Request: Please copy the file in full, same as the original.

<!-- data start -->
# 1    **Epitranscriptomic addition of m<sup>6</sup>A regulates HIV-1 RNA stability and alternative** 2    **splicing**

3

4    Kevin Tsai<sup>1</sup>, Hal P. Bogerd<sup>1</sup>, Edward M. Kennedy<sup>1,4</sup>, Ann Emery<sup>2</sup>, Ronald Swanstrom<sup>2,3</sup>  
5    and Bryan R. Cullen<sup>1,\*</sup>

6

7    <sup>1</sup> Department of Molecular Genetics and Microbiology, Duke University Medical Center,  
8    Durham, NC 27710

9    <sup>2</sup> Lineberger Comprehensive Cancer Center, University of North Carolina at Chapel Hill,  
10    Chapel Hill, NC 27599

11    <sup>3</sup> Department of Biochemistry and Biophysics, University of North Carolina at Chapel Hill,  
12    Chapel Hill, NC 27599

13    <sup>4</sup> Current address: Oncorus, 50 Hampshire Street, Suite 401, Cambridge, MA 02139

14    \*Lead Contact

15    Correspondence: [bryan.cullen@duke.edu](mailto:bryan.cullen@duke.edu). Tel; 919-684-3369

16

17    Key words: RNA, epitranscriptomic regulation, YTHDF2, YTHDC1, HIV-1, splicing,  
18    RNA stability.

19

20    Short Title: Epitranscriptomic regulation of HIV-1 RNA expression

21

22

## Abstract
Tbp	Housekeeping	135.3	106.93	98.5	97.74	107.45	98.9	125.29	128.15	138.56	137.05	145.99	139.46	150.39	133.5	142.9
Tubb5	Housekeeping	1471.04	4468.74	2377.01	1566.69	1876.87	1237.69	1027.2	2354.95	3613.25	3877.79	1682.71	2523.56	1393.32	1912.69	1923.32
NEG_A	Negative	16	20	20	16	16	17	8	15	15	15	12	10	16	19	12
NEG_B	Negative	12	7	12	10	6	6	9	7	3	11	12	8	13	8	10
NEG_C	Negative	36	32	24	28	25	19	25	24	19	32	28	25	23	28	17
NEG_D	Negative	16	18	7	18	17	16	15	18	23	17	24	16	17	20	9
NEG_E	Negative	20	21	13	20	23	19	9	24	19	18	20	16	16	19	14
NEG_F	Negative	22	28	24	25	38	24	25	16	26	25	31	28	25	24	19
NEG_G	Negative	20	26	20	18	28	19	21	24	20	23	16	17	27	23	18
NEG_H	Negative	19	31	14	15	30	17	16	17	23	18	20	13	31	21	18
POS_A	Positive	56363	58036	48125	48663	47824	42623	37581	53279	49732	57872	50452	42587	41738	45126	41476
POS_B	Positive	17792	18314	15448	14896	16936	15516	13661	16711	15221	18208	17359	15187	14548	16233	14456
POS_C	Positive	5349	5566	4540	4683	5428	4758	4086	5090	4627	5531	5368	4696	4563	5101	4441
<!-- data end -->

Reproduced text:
# 1    **Epitranscriptomic addition of m<sup>6</sup>A regulates HIV-1 RNA stability and alternative** 2    **splicing**

3

4    Kevin Tsai<sup>1</sup>, Hal P. Bogerd<sup>1</sup>, Edward M. Kennedy<sup>1,4</sup>, Ann Emery<sup>2</sup>, Ronald Swanstrom<sup>2,3</sup>  
5    and Bryan R. Cullen<sup>1,\*</sup>

6

7    <sup>1</sup> Department of Molecular Genetics and Microbiology, Duke University Medical Center,  
8    Durham, NC 27710

9    <sup>2</sup> Lineberger Comprehensive Cancer Center, University of North Carolina at Chapel Hill,  
10    Chapel Hill, NC 27599

11    <sup>3</sup> Department of Biochemistry and Biophysics, University of North Carolina at Chapel Hill,  
12    Chapel Hill, NC 27599

13    <sup>4</sup> Current address: Oncorus, 50 Hampshire Street, Suite 401, Cambridge, MA 02139

14    \*Lead Contact

15    Correspondence: [bryan.cullen@duke.edu](mailto:bryan.cullen@duke.edu). Tel; 919-684-3369

16

17    Key words: RNA, epitranscriptomic regulation, YTHDF2, YTHDC1, HIV-1, splicing,  
18    RNA stability.

19

20    Short Title: Epitranscriptomic regulation of HIV-1 RNA expression

21

22

## Abstract
Tbp	Housekeeping	135.3	106.93	98.5	97.74	107.45	98.9	125.29	128.15	138.56	137.05	145.99	139.46	150.39	133.5	142.9
Tubb5	Housekeeping	1471.04	4468.74	2377.01	1566.69	1876.87	1237.69	1027.2	2354.95	3613.25	3877.79	1682.71	2523.56	1393.32	1912.69	1923.32
NEG_A	Negative	16	20	20	16	16	17	8	15	15	15	12	10	16	19	12
NEG_B	Negative	12	7	12	10	6	6	9	7	3	11	12	8	13	8	10
NEG_C	Negative	36	32	24	28	25	19	25	24	19	32	28	25	23	28	17
NEG_D	Negative	16	18	7	18	17	16	15	18	23	17	24	16	17	20	9
NEG_E	Negative	20	21	13	20	23	19	9	24	19	18	20	16	16	19	14
NEG_F	Negative	22	28	24	25	38	24	25	16	26	25	31	28	25	24	19
NEG_G	Negative	20	26	20	18	28	19	21	24	20	23	16	17	27	23	18
NEG_H	Negative	19	31	14	15	30	17	16	17	23	18	20	13	31	21	18
POS_A	Positive	56363	58036	48125	48663	47824	42623	37581	53279	49732	57872	50452	42587	41738	45126	41476
POS_B	Positive	17792	18314	15448	14896	16936	15516	13661	16711	15221	18208	17359	15187	14548	16233	14456
POS_C	Positive	5349	5566	4540	4683	5428	4758	4086	5090	4627	5531	5368	4696	4563	5101	4441